3 Comments

  1. Question: How do you solve a problem like face masks?

    Response: As far as I care it’s not a problem. According to my doctor, since I have difficulty breathing I can’t and won’t wear one. I actually put one on briefly if I am in a medical/dental office, but otherwise, no mask for me. .

    I won’t enter an establishment in which I am not welcome in any event. As far as I care they can do without my business. Buying a watch for me is an “experience”. It is a special occasion that I want to savor and remember. If I am “required” to wear a face mask, I’ll pass, no thank you. Have a nice day!

    As a retired airline pilot, I would not recommending flying at all until the virus danger has passed. Masks are not effective for personal protection. As a matter of fact, their use limits intake of essential oxygen. In an airplane at altitude, we pressurize the cabin to about 5,000 – 6,000 feet, which already limits oxygen levels to passenger. According to the US OSHA agency, the habitual wearing of face masks is not permitted on the ground for prolonged periods for US workers. Why? They limit oxygen to unsafe levels! Now, if they are considered by Occupational Health and Safety only to be used for limited periods at sea level, why would I advise anyone to wear one in a commercial airliner, where oxygen is already somewhat limited? Besides that, masks don’t stop virus or prevent its spread!

    Over 99.75% of infected persons survive Covid-19. Unless you are a member of a high risk group there is little or no problem! Avoid breathing near other people and frequent hand washing are the best ways to prevent infection. That’s my opinion, and thank you for allowing me the opportunity to express it.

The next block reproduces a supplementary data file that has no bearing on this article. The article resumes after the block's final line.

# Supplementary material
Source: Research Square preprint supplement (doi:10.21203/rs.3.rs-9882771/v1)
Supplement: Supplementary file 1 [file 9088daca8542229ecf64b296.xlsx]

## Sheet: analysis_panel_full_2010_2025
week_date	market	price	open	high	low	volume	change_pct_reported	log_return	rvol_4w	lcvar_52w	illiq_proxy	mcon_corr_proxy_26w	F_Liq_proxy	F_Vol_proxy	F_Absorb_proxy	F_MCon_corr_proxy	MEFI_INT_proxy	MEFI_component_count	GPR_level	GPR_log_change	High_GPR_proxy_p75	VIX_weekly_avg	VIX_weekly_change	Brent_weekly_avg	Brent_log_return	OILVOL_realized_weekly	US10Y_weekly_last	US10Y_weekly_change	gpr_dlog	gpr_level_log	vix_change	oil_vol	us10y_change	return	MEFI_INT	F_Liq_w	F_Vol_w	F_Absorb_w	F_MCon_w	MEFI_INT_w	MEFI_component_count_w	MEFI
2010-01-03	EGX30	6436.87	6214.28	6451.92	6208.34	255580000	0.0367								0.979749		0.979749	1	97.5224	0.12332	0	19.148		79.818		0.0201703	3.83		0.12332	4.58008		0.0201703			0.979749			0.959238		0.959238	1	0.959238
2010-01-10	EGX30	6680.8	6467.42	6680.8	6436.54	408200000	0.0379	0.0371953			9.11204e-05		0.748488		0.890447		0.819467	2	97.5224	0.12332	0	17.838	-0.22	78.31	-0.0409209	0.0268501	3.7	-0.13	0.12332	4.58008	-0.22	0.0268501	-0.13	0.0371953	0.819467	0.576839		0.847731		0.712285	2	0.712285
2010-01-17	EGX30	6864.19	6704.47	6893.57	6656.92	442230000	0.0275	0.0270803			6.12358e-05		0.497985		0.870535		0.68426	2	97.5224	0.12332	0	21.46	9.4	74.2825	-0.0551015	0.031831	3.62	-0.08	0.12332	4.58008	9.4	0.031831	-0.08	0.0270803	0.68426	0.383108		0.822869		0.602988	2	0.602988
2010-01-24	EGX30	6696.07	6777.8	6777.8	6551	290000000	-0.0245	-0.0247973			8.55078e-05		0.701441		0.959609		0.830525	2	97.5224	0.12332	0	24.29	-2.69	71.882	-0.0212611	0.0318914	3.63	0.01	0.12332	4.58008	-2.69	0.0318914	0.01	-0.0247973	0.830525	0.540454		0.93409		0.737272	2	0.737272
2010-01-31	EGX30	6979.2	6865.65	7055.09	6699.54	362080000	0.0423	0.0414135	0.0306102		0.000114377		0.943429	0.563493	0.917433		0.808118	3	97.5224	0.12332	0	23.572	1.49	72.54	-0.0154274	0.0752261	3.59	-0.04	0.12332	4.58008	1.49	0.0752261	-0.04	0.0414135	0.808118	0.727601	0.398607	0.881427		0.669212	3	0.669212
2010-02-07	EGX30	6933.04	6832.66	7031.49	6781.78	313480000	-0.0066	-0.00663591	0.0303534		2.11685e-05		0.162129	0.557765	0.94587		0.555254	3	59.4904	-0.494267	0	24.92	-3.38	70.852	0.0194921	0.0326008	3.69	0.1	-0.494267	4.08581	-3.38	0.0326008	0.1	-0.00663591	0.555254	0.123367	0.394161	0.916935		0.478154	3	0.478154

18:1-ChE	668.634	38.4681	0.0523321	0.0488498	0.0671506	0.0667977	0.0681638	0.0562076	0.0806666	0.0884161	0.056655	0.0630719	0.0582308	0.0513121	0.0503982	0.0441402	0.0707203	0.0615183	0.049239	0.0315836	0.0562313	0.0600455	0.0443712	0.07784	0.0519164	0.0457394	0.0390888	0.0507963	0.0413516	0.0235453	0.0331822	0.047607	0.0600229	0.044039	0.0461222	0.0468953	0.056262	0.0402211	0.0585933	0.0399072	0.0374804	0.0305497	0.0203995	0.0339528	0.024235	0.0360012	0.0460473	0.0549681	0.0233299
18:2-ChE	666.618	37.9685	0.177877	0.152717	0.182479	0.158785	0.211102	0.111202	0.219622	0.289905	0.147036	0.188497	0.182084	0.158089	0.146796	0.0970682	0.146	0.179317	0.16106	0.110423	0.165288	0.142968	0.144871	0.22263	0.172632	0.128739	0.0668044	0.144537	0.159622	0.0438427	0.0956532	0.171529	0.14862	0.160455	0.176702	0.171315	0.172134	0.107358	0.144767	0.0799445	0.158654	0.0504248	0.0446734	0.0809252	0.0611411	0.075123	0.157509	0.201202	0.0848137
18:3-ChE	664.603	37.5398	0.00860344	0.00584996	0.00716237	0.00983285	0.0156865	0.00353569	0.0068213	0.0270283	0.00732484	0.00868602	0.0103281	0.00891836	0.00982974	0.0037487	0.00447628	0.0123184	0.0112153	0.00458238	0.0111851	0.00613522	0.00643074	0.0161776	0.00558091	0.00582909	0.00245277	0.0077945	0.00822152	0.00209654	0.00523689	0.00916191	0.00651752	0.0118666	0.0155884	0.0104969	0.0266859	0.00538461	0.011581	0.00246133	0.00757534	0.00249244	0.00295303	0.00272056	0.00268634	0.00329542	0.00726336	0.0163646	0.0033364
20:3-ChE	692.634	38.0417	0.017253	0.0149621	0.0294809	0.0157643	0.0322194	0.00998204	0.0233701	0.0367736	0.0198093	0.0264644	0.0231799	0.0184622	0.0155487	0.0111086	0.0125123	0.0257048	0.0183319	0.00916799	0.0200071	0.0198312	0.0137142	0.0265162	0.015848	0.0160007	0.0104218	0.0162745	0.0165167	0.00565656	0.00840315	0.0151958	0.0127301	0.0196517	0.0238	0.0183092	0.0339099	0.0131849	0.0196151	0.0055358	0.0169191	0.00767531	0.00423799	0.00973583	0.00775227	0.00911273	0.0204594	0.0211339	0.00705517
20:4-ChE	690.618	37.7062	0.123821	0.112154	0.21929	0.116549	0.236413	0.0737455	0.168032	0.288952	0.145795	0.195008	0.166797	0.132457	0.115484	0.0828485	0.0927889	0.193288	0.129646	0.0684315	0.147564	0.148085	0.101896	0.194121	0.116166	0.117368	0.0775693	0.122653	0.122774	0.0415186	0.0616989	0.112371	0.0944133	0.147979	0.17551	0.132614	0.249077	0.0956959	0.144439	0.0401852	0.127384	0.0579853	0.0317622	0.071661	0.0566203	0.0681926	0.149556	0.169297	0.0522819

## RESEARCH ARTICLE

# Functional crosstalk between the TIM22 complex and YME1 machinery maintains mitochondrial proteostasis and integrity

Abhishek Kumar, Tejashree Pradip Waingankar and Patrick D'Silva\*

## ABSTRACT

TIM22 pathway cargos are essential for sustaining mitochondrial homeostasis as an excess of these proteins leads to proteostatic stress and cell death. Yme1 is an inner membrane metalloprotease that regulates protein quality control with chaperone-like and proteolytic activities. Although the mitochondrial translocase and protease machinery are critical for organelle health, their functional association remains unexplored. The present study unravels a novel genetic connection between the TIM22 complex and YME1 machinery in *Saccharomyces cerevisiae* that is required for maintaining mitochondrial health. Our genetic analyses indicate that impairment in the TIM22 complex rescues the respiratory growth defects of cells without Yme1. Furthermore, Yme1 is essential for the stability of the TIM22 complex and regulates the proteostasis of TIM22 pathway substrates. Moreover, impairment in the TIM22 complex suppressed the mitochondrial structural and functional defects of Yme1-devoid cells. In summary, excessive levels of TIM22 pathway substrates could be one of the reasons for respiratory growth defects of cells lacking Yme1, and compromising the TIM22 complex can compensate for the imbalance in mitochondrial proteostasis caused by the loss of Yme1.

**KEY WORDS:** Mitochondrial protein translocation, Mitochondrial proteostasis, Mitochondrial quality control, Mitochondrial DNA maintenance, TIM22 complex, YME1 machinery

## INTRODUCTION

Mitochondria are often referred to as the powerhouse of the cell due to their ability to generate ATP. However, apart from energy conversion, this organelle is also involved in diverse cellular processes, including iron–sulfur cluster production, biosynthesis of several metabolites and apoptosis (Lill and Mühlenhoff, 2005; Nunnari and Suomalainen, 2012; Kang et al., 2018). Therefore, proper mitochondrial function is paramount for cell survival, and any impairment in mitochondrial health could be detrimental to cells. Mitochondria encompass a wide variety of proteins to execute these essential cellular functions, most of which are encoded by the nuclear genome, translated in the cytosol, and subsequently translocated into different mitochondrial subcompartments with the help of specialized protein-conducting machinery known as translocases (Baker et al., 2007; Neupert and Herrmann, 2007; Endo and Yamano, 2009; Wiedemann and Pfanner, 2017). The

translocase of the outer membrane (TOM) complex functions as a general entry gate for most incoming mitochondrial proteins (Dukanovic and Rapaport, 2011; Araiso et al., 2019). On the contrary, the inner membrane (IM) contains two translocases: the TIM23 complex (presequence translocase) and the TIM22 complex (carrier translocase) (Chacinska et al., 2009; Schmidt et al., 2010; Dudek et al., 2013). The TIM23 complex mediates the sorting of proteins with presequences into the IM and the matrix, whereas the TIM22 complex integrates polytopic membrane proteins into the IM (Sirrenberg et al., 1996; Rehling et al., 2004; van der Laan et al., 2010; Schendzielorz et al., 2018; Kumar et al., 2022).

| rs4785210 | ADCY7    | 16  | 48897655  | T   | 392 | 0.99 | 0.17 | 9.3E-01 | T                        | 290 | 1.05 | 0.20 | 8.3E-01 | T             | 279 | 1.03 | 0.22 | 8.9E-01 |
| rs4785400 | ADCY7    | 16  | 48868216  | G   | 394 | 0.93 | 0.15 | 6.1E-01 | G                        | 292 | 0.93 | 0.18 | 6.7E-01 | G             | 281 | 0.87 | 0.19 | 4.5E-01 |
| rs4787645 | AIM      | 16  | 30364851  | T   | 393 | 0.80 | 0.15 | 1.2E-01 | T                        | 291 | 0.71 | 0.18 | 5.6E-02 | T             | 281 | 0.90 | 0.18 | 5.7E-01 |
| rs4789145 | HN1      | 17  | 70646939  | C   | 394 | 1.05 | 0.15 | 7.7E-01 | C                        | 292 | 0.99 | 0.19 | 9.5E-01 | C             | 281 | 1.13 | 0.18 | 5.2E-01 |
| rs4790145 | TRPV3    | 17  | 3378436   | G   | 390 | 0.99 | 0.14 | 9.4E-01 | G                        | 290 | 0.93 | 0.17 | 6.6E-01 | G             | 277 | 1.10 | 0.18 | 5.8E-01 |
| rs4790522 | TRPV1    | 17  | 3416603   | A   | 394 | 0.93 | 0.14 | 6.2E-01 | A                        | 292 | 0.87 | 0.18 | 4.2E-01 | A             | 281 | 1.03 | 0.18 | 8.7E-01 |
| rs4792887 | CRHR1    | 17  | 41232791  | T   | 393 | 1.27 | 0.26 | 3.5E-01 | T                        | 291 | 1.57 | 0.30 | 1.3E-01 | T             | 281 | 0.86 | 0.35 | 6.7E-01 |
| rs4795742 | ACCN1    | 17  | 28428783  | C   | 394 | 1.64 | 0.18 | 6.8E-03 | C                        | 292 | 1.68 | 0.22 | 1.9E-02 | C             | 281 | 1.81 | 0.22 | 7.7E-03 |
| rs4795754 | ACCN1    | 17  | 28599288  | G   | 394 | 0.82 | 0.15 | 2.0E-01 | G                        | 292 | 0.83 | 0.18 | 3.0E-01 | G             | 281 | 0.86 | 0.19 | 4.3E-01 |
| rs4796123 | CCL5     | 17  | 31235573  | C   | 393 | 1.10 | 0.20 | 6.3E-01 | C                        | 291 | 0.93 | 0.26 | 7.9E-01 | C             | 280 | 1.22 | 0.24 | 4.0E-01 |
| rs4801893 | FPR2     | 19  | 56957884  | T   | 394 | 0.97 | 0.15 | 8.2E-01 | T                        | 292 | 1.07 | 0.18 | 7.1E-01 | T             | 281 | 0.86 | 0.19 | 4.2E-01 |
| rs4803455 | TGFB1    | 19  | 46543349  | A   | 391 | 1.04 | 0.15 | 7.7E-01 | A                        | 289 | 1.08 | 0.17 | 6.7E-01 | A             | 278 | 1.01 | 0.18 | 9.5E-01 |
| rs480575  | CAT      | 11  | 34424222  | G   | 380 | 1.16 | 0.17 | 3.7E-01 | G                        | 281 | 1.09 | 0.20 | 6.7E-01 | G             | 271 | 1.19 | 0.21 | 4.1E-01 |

Capt. Alex

    Bottom line from a passenger’s perspective: The draconian policies enacted by several airlines in terms of face masks are going to help destroy an already ruined and insolvent industry. Airline travel is miserable enough without face masks. If you are worried or concerned, no problem, stay home. After all, you are solely responsible for your own health and safety..

  2. 1. I think you are being very optimistic thinking this an issue for months – I’m guessing years.
    2. Other cultures routinely wear partial face coverings and have incorporated that into their interpersonal and business relationships. These arose out of precisely the same kind of concerns over public safety we experiencing now – Id be pretty sure these were disruptive for a while but were normalized reasonably quickly.
    3. I am noticing a shift here in Australia where it’s actually a little awkward if someone doesn’t wear a mask like they are choosing to be rude. Choosing to ignore the safety of the people around them.
    4. The work health safety aspects of this could be enormous – an employer that exposes an employee to a dangerous work place – by allowing customers in without masks could be liable for a breach of a duty of care.
    5. Perhaps the answer is look at how other cultures have navigated this an learn from them.

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Daniel Malins

The author Daniel Malins